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Above: David Gianotten; photo by Andrew Tang, courtesy OMA.
David Gianotten is the partner-in-charge of OMA Asia overseeing offices in Hong Kong and Beijing. His experience includes project supervision at Shenzhen Stock Exchange and the construction phase for CCTV headquarters in Beijing, alongside this he delivered the conceptual masterplan for the West Kowloon Cultural District, Hong Kong in 2010. OMA were selected as part of the Destination Sydney consortium as the preferred bidder for Darling Harbour’s convention, exhibition and entertainment precinct, Sydney.
Michael Holt: Sydney has recently selected teams for a number of significant developments (Barangaroo South and Central and Darling Harbour), how did OMA*AMO come to submit for the SICEEP project? When did it register on OMA’s radar?
David Gianotten: I gave a lecture about OMA’s work in Asia in Brisbane and after that visited Sydney to present our work to developers and colleagues; that’s the moment we heard about the Barangaroo and SICEEP projects. In mid-2011 Lend Lease asked us to submit our masterplanning portfolio and, after a selection process, OMA was selected to be the masterplan architect within the Destination Sydney Consortium.
What is OMA’s understanding of Australia? Is there a specific desire for building in the country?
OMA is new to the Australian market, however through the strong link between Asia and Australia we were already quite aware of the urban and architectural developments going on in the country, as well as its economy, relationships between states and social structure. Because of its geographical position and its relationships with the rest of the world, Australia is in a unique position with strong relationships with the west and east which makes the country very outward looking. However, in the field of architecture and urban development the country is actually a world of its own with Australian firms dominating the landscape and its own procedures and protocols. Only in some cases international architects are involved, which is actually interesting and refreshing compared to the Asian circumstance. The specific desire of building in our short experience is based on the known, the familiar and the previous success, which means many Australian cities have their own characteristic planning and architecture that spread over decades and is not too much influenced by style, but is re-invented constantly to reflect current times.
Is OMA’s research branch – AMO – conducting any research on Sydney or Australia more broadly?
The moment OMA moves into a market it is on OMA’s radar, which within our way of working immediately means that research is conducted. This is done based on the projects that we engage by looking at certain interesting phenomena within the region. The more connection we have with interesting people and the more we work on projects in different contexts the more research is built and explored; AMO is an integrated part of the process.
What are the prominent design features or defining factors in the design of the masterplan and hotel?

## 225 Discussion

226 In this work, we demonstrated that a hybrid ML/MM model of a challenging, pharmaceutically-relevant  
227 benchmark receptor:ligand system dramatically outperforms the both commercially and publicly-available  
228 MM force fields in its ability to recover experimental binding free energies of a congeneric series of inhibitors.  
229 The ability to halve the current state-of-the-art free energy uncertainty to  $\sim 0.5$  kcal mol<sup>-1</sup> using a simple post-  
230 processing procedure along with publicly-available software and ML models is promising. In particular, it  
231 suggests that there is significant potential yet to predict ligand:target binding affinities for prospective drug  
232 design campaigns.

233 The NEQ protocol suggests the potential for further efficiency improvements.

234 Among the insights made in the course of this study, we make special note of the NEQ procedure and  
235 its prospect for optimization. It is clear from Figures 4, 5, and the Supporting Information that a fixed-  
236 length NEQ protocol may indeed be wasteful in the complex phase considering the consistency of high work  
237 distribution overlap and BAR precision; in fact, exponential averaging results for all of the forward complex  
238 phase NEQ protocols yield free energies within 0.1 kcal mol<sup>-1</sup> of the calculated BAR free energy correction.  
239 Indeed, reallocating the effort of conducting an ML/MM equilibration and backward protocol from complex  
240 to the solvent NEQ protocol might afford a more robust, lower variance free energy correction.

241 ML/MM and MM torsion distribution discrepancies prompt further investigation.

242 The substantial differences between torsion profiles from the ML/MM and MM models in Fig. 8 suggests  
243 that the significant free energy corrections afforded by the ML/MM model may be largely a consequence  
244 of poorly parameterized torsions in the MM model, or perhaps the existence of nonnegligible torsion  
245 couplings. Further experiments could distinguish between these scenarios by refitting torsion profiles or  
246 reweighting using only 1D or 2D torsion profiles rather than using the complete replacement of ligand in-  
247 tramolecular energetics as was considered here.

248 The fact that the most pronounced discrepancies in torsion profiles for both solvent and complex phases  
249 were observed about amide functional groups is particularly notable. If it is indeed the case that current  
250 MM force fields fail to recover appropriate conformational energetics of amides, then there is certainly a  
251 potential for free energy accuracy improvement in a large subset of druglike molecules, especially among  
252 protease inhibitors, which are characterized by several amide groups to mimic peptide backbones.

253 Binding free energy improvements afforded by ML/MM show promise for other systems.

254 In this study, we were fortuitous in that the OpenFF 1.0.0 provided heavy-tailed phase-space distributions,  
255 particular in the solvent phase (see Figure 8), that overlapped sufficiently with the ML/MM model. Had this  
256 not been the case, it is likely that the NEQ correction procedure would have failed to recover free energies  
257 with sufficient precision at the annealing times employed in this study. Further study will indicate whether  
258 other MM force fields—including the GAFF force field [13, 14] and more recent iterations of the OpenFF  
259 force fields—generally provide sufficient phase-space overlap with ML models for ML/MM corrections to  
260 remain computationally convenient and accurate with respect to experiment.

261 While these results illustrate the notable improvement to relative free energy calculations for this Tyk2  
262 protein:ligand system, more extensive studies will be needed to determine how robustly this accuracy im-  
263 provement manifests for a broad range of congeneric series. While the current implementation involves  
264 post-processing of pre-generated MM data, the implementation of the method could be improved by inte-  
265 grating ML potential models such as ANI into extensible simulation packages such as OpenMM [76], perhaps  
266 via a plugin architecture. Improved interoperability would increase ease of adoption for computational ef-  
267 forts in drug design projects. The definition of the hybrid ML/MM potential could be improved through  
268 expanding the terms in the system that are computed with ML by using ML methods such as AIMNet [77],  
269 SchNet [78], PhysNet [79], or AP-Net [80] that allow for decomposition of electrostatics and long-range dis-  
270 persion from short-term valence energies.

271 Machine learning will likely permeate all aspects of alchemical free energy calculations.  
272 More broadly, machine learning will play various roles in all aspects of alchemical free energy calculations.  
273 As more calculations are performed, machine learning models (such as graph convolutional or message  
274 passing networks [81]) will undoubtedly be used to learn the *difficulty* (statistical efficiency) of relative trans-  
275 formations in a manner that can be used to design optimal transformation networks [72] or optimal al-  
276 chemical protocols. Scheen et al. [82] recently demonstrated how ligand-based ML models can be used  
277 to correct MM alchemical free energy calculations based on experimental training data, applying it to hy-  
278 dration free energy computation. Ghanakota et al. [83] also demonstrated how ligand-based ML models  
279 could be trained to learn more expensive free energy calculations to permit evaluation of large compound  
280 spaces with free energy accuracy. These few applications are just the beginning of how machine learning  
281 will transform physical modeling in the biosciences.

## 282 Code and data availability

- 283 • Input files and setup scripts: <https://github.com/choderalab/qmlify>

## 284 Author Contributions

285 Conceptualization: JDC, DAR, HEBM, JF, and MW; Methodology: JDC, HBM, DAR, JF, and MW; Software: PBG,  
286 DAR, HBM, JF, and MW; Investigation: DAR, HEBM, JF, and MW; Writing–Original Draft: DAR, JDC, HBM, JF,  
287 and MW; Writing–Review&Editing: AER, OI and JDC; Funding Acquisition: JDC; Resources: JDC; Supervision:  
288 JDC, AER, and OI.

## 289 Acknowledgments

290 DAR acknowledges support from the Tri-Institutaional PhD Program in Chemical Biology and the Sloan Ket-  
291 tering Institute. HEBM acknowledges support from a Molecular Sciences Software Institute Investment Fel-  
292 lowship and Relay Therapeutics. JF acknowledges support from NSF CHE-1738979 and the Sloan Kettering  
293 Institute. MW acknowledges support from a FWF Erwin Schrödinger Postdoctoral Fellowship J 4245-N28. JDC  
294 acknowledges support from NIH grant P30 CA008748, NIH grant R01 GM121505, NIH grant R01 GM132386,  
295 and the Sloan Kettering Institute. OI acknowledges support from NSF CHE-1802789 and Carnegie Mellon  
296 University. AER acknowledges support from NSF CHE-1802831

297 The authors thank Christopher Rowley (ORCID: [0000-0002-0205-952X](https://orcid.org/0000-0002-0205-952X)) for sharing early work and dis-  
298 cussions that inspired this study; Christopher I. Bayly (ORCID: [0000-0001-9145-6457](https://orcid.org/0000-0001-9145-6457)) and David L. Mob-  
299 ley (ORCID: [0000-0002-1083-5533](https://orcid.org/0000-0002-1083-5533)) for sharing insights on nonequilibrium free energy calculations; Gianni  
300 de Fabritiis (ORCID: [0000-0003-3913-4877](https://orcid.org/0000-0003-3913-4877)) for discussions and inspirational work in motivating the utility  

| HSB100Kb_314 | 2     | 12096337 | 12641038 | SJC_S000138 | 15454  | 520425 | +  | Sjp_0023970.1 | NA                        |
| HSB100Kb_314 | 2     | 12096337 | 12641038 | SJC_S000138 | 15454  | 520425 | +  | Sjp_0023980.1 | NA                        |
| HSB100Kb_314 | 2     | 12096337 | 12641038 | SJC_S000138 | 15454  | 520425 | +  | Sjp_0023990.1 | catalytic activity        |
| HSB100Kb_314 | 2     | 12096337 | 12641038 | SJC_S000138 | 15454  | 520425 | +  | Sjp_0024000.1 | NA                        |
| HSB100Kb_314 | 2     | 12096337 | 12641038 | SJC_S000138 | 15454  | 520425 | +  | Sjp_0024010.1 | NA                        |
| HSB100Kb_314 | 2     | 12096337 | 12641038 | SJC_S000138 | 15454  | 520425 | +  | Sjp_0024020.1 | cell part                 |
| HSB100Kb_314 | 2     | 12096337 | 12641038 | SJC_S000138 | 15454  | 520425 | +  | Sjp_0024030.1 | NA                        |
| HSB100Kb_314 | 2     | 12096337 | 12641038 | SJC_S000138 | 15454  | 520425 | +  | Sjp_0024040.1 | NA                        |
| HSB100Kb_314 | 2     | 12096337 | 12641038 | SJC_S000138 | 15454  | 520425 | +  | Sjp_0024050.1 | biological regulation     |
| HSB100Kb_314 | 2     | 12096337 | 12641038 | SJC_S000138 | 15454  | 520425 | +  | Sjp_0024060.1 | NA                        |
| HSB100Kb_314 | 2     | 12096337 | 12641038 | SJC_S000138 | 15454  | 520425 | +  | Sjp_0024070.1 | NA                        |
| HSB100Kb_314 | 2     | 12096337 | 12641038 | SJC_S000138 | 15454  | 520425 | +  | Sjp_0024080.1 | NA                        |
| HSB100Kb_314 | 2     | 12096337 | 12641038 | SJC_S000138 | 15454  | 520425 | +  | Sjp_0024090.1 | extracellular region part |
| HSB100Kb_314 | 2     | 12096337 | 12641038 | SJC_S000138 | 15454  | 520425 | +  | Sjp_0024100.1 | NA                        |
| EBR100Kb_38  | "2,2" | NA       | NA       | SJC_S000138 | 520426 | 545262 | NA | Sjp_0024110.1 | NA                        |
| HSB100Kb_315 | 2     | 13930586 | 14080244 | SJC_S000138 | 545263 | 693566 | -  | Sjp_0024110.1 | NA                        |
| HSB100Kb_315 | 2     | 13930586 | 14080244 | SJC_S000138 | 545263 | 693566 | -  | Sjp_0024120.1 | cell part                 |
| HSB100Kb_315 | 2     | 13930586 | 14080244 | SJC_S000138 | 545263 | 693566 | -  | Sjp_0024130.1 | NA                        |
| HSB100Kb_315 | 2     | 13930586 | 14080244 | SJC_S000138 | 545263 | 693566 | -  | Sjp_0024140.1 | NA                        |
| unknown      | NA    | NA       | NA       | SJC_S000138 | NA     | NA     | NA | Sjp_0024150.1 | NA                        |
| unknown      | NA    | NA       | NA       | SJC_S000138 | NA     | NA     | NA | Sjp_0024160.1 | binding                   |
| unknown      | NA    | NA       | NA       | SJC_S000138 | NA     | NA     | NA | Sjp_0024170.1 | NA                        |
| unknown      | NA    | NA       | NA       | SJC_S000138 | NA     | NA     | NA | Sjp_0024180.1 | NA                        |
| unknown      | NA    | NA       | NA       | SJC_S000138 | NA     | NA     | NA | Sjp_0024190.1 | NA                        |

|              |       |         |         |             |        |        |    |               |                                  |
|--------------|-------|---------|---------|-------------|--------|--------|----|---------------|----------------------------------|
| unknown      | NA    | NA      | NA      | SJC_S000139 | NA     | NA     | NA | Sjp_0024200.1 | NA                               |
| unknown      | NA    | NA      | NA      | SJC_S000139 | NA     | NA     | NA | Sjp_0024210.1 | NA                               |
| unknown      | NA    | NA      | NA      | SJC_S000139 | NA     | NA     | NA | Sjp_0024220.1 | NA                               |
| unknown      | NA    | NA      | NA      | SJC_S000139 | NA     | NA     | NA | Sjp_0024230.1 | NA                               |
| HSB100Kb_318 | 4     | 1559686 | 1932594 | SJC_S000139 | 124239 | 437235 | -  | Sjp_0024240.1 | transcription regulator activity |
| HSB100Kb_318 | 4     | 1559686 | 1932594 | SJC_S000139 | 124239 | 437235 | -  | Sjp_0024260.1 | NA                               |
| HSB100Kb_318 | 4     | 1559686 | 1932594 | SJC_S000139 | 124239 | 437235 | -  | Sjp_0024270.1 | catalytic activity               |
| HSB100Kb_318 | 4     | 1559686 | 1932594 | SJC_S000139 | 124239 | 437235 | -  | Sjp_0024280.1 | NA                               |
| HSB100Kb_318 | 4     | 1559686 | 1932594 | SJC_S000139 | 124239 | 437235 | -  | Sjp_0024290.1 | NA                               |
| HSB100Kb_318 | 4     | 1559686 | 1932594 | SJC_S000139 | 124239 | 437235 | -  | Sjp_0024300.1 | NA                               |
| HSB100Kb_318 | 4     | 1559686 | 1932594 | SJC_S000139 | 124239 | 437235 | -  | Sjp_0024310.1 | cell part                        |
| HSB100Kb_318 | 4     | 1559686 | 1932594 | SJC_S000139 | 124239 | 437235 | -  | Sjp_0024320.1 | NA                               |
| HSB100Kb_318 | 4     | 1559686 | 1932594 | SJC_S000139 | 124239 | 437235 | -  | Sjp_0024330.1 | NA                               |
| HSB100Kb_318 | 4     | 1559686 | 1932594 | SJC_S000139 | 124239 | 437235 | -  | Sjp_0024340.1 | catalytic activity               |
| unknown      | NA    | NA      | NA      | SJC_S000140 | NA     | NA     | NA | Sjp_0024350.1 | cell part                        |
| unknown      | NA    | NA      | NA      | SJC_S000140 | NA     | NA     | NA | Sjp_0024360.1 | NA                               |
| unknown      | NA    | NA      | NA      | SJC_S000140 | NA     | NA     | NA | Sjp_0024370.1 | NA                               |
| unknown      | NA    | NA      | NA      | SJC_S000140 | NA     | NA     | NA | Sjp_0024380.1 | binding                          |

The main driver for the masterplan was to create a framework that is flexible and that allows for connection and choice. To be able to do this we first created a framework of logical connections to the surrounding sites, all coming together on the one connecting element – the North-South Boulevard. Within that framework all collaborating architects – HASSELL Studio, Denton Corker Marshall and Populous – created their own architectural elements that are similar in architectural language but are connected at different levels to create a distinctive, but very well connected, urban landscape of buildings and public space. The design of the ICC Hotels was driven by the relatively small site; our own masterplan left us to make a hotel of about 900 rooms. The two hotel towers start from a common base and then protrude in different directions. This created a vertical beacon on the harbour making connections with all surrounding buildings, and at the same time taking its own independent position within the skyline.
When designing in Australia, would you say there’s a different approach to implementing projects of this nature into Australian cities than, say, to Chinese or European cities?
Of course there are many differences between the implementation and management of projects in Australia, China and Europe. The differences are mainly based on cultural heritage and the differences in planning and building regulations. Dealing with and getting the maximum out of these differences is one of the great aspects of the job of an international architect.
The project will be coordinated from OMA Hong Kong, how will your relationship with the Australian firms (Lend Lease, Hassell and Denton Corker Marshall) operate?
OMA is an international architectural firm; we operate about twenty projects within Asia – most of them in different countries. We’re very used to client relationships and design processes that are run partly based on physical presence (when we visit the project location) and partly by virtual exchange. In this specific case, we’ll do the work in the next steps of the project with a team that is used to this type of working relationship. Incidentally, some of our team are Australian or trained at one of the Australian architecture schools. The moment OMA’s workload increases in Australia we will grow further which will mean we will have office representatives in Australia on a more permanent basis, like we currently have in Shenzhen, Beijing and Taipei.
‘Stripped’ by Greg Natale produces the same carbon footprint in its entire lifetime that you create in just 40 hours. ‘Stripped’ pays tribute to the work of minimalist architects Claudio Silvestrin and John Pawson.